Impatient with the strictures of polite British society, Miss Abigail Harewood has decided to live life on her own terms—and the first thing she requires is a lover. When the commanding Duke of Wallingford arrives on the doorstep of her leased holiday castle, she thinks she’s found the perfect candidate: handsome, dashing, and experienced in the art of love.
But tempting Wallingford into her bed proves more difficult than she imagined. Restless and dissatisfied with his debauched life in London, the formerly rakish duke is determined to spend a year chaste. But as Abigail tries her best to seduce him, Wallingford finds his resolve crumbling in the face of her irresistible charm…and her alluring secrets.
Rating: C+ for narration, B for content
A Duke Never Yields is the third in the Affairs by Moonlight trilogy which centres around the love lives of three different couples who end up spending best part of a year living in partial seclusion in an old Italian castle.
Unusually for a series of books, each story happens concurrently rather than consecutively, which means the listener gets to hear some scenes from different points of view in each book. Fortunately, this doesn’t happen so often as to become repetitive, and I confess this is the sort of narrative device I rather enjoy. That said, the book can definitely be listened to or read as a stand-alone, as the overlapping threads are not allowed to overshadow the events in the story.
The eponymous duke is Arthur Penhallow, Duke of Wallingford who, at twenty-nine, is one of the most renowned lotharios in the country. His maternal grandfather is the machiavellian Duke of Olympia (who is also a strong background presence in Ms Gray’s current Princess in Hiding books) and when Olympia appears one morning and accuses his grandson of being a waste of space, good for nothing but shagging, drinking and general debauchery, and informs him that he has to clean up his act he is, to say the least, annoyed. And then becomes very alarmed when Olympia tells him he must either propose marriage within the next few months to a lady of Olympia’s choice or join a planned retreat to Italy with his brother, Roland, and their “friend” (in reality, Olympia’s natural son), Phineas Burke, in order to, as we might say today, get his shit together and work out what he’s going to do with his life.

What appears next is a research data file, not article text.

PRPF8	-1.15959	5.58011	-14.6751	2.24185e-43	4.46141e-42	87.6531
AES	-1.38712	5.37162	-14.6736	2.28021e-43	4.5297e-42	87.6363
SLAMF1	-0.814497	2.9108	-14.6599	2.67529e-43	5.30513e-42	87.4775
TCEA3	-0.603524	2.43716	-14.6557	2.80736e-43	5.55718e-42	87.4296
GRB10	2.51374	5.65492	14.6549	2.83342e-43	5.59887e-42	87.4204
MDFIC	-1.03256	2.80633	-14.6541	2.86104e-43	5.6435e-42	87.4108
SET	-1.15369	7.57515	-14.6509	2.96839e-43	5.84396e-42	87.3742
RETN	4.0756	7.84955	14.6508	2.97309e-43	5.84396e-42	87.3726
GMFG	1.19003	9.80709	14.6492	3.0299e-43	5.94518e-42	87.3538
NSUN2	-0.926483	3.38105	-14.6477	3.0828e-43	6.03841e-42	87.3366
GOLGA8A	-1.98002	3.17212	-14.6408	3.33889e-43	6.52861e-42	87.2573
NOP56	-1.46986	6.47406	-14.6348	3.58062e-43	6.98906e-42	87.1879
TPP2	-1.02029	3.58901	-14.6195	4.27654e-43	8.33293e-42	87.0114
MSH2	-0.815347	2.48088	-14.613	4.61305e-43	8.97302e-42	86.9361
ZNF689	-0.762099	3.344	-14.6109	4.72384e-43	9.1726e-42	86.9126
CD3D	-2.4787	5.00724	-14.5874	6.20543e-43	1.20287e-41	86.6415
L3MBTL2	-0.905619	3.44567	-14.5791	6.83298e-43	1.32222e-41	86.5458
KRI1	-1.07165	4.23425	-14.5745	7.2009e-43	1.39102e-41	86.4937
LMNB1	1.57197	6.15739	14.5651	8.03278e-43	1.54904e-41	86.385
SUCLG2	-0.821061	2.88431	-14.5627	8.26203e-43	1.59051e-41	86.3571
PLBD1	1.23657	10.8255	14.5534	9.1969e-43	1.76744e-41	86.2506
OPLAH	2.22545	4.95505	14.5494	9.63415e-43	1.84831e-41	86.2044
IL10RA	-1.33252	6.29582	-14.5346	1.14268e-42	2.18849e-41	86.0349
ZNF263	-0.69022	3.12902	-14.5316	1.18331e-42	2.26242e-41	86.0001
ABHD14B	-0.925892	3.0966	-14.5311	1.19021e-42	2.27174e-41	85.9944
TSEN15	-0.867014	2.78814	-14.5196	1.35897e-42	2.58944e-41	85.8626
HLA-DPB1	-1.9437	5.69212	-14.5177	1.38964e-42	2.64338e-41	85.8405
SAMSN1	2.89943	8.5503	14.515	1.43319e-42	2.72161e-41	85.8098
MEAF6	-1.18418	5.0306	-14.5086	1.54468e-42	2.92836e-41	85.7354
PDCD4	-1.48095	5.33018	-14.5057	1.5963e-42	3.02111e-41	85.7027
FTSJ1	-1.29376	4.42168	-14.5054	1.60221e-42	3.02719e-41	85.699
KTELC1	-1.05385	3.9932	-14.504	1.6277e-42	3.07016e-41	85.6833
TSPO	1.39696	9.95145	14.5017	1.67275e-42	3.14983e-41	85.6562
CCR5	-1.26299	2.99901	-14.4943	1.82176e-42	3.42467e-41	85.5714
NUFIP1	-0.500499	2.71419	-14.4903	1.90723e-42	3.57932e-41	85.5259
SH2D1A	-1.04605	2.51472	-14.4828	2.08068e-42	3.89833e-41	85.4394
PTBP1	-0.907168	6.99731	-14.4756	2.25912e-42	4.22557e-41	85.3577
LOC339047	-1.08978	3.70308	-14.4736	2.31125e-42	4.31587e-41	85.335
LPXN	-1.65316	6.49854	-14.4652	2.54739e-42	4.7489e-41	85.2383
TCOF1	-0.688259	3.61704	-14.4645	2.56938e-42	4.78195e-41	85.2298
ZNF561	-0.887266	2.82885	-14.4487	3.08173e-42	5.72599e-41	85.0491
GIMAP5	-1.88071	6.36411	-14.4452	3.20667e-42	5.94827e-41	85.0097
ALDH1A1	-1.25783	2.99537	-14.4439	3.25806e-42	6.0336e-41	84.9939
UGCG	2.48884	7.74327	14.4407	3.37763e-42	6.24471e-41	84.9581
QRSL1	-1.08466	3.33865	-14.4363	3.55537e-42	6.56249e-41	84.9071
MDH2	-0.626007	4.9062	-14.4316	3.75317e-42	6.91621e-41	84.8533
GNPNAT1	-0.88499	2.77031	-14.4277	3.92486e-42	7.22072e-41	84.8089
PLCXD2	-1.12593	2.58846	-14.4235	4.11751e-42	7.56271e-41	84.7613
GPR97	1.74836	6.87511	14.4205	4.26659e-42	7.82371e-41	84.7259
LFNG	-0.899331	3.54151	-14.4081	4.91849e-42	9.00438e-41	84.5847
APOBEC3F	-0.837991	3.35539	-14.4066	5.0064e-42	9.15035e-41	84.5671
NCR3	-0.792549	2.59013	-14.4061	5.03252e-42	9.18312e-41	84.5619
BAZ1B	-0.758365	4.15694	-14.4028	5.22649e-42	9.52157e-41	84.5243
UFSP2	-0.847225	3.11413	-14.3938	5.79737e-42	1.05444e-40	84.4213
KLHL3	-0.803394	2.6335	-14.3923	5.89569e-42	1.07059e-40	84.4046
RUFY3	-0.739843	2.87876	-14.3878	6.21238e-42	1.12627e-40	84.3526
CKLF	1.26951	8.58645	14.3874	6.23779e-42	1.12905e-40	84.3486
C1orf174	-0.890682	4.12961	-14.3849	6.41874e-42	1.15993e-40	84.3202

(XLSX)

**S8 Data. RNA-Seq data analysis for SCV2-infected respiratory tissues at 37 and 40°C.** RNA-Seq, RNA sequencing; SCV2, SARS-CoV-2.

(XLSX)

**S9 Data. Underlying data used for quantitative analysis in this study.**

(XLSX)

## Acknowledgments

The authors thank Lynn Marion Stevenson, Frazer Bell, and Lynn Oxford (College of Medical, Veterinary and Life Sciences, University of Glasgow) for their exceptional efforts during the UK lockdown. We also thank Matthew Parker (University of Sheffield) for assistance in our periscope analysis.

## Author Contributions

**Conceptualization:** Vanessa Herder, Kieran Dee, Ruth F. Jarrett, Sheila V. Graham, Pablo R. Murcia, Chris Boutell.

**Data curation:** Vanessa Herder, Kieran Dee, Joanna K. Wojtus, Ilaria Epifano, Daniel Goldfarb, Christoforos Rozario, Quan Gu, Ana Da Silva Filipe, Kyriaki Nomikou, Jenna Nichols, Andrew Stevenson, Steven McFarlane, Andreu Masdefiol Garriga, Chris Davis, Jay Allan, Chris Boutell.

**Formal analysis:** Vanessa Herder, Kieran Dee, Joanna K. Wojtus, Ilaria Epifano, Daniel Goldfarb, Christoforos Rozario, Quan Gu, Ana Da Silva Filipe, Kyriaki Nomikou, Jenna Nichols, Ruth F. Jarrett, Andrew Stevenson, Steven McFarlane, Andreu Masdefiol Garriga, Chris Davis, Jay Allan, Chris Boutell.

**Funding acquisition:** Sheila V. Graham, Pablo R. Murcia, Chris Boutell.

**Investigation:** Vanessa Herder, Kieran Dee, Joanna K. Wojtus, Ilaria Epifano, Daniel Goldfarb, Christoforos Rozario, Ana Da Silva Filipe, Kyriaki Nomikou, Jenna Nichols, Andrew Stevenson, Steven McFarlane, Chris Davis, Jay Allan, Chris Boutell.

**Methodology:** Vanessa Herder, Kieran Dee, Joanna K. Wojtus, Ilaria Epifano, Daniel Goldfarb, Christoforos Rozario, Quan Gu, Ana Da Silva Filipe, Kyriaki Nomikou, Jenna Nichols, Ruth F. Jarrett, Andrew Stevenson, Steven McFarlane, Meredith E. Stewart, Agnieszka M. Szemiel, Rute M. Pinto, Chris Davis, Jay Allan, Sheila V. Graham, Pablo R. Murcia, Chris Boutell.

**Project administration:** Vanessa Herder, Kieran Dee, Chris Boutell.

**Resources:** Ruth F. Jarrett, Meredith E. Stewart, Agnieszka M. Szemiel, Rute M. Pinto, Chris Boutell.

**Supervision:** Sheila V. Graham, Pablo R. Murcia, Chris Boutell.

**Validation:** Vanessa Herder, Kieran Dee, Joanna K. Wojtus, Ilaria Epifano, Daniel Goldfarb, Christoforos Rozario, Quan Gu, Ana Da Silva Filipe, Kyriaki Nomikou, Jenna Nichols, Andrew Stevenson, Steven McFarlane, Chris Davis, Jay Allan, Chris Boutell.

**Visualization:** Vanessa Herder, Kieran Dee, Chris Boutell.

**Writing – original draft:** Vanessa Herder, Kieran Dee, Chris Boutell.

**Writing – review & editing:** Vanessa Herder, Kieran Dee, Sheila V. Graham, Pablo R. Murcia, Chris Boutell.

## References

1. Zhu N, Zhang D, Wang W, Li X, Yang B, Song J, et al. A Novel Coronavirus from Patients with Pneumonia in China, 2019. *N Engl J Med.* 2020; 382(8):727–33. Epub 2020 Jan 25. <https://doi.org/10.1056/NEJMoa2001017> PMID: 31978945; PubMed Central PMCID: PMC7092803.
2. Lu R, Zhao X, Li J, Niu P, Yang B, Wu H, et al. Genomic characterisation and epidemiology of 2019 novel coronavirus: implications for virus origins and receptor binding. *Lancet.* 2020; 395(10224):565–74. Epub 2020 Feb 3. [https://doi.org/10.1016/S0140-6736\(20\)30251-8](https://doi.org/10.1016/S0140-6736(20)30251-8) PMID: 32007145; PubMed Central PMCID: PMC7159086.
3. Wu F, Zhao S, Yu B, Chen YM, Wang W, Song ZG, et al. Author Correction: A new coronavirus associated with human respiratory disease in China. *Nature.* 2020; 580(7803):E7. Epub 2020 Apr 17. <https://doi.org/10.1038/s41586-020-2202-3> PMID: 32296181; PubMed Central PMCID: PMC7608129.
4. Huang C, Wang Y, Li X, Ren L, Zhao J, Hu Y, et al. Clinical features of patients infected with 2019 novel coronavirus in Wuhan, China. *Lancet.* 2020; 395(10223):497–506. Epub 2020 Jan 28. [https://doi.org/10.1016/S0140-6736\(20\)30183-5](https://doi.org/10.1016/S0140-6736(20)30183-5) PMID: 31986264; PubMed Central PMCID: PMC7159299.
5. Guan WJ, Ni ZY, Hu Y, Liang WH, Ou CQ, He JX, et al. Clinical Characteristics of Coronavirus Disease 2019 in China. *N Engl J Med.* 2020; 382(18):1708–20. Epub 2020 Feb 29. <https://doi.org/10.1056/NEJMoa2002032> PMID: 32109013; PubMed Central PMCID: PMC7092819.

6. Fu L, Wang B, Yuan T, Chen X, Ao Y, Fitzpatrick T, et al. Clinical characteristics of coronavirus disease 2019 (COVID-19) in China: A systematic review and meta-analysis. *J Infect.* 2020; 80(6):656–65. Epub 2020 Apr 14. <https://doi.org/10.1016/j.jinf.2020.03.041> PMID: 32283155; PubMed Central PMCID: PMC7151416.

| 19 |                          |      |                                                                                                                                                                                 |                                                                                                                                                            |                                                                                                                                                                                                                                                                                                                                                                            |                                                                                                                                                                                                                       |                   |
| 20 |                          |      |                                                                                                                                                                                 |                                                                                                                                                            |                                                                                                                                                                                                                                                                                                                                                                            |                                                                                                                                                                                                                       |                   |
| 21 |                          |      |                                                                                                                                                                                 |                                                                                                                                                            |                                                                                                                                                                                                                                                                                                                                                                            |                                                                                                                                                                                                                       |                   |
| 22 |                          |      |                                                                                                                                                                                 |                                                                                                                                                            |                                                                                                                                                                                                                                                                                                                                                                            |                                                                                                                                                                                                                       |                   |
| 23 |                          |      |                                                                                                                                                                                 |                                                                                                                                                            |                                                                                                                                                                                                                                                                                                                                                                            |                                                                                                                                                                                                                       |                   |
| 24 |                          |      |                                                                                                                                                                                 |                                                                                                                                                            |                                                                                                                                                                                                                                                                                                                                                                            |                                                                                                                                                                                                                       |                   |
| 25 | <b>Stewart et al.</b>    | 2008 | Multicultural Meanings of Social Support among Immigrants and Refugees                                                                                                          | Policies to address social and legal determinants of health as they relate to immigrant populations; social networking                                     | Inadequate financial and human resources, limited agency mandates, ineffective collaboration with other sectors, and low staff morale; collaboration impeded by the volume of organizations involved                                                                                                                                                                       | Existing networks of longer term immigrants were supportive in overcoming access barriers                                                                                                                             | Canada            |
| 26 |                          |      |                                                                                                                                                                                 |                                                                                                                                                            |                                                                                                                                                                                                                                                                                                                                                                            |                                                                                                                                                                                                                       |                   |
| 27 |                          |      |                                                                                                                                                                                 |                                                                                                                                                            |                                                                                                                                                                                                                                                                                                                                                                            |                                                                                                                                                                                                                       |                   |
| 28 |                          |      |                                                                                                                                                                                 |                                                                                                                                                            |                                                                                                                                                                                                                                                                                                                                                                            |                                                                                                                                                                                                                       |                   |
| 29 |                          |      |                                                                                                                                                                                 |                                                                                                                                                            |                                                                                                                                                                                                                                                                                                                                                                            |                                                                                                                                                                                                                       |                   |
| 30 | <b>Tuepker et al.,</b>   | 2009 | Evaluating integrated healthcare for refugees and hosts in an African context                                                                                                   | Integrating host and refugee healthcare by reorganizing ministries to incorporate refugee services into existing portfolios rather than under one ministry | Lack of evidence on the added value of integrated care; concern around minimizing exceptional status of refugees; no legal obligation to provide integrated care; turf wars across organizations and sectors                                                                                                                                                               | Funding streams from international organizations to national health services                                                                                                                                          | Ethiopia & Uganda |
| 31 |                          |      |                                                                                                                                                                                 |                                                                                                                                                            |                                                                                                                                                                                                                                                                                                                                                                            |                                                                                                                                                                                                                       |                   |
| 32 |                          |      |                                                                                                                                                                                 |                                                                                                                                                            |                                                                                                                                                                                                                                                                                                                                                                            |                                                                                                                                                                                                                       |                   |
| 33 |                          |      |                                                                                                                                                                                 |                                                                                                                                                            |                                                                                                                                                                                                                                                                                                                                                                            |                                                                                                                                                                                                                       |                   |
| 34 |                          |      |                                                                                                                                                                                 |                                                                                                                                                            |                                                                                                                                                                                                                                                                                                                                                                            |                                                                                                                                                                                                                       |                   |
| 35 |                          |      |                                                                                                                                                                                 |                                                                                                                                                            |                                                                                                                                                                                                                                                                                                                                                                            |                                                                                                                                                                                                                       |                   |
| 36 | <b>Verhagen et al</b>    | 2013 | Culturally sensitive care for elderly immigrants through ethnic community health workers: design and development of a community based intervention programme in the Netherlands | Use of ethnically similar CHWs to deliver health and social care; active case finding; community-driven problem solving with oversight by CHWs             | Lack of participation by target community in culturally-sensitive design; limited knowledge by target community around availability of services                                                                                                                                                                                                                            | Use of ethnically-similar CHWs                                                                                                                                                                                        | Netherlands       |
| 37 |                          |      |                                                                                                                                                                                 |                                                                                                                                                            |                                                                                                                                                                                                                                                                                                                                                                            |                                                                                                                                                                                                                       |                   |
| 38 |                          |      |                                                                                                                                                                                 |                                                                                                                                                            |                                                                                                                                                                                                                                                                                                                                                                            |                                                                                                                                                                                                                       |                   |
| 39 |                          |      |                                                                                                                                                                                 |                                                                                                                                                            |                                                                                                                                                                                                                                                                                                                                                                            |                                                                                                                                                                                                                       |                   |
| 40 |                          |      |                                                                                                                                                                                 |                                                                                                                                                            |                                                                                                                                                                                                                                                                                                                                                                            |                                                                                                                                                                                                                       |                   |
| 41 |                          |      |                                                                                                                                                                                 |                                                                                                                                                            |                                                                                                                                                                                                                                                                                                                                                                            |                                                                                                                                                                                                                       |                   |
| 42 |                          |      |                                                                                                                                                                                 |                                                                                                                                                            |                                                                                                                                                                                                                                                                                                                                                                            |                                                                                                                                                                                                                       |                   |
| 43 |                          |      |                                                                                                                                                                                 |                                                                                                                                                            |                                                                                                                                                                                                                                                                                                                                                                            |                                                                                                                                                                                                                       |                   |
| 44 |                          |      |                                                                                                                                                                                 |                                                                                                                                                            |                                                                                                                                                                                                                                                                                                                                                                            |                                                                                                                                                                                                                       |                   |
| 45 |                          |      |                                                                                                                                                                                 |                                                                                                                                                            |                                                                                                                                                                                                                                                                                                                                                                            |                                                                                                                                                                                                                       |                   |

En route to the Castel Sant’ Agata, the men encounter a party of ladies consisting of Lady Alexandra Morley, her sister Abigail and their cousin Lilibet, each of whom has her own reasons for wanting to get away for a while, too.
Rather like the characters in Shakespeare’s Love’s Labour’s Lost, the men have decided to undertake a year of quiet and study away from female company. But the best laid plans of mice and men cannot be allowed to proceed unchecked, and upon arrival, they discover that the castle has also been leased to the very same group of ladies they had encountered on the road. After some initial grumblings, the sextet reasons that the castle is more than big enough to enable them all to co-exist without actually seeing each other very much, so they agree to share.
The heroine of this story is Abigail Harewood, a vivacious and rather quirky young lady with an impish sense of humour. Unwilling to surrender the independence which has allowed her to indulge her penchant for unconventional behaviour – such as betting on horse races and going for a pint down the pub – she has decided that marriage is not for her but isn’t prepared to miss out on the good bits. She wants to take a lover – and who better for her first one than a man of vast experience who will surely know how to pleasure a woman and who won’t want or expect romantic entanglements or commitment? And what better setting than Italy, the lushly seductive land of love? The fact that Wallingford is gorgeous certainly doesn’t hurt either, and Abigail sets her sights firmly upon him. After all, how hard can it be to persuade a womaniser of such magnitude to seduce her?
Unfortunately for Abigail, when the rake in question has been brought to an understanding of his inadequacies and deficiencies, it’s much more difficult than one might expect.
You can read the rest of this review at AudioGals.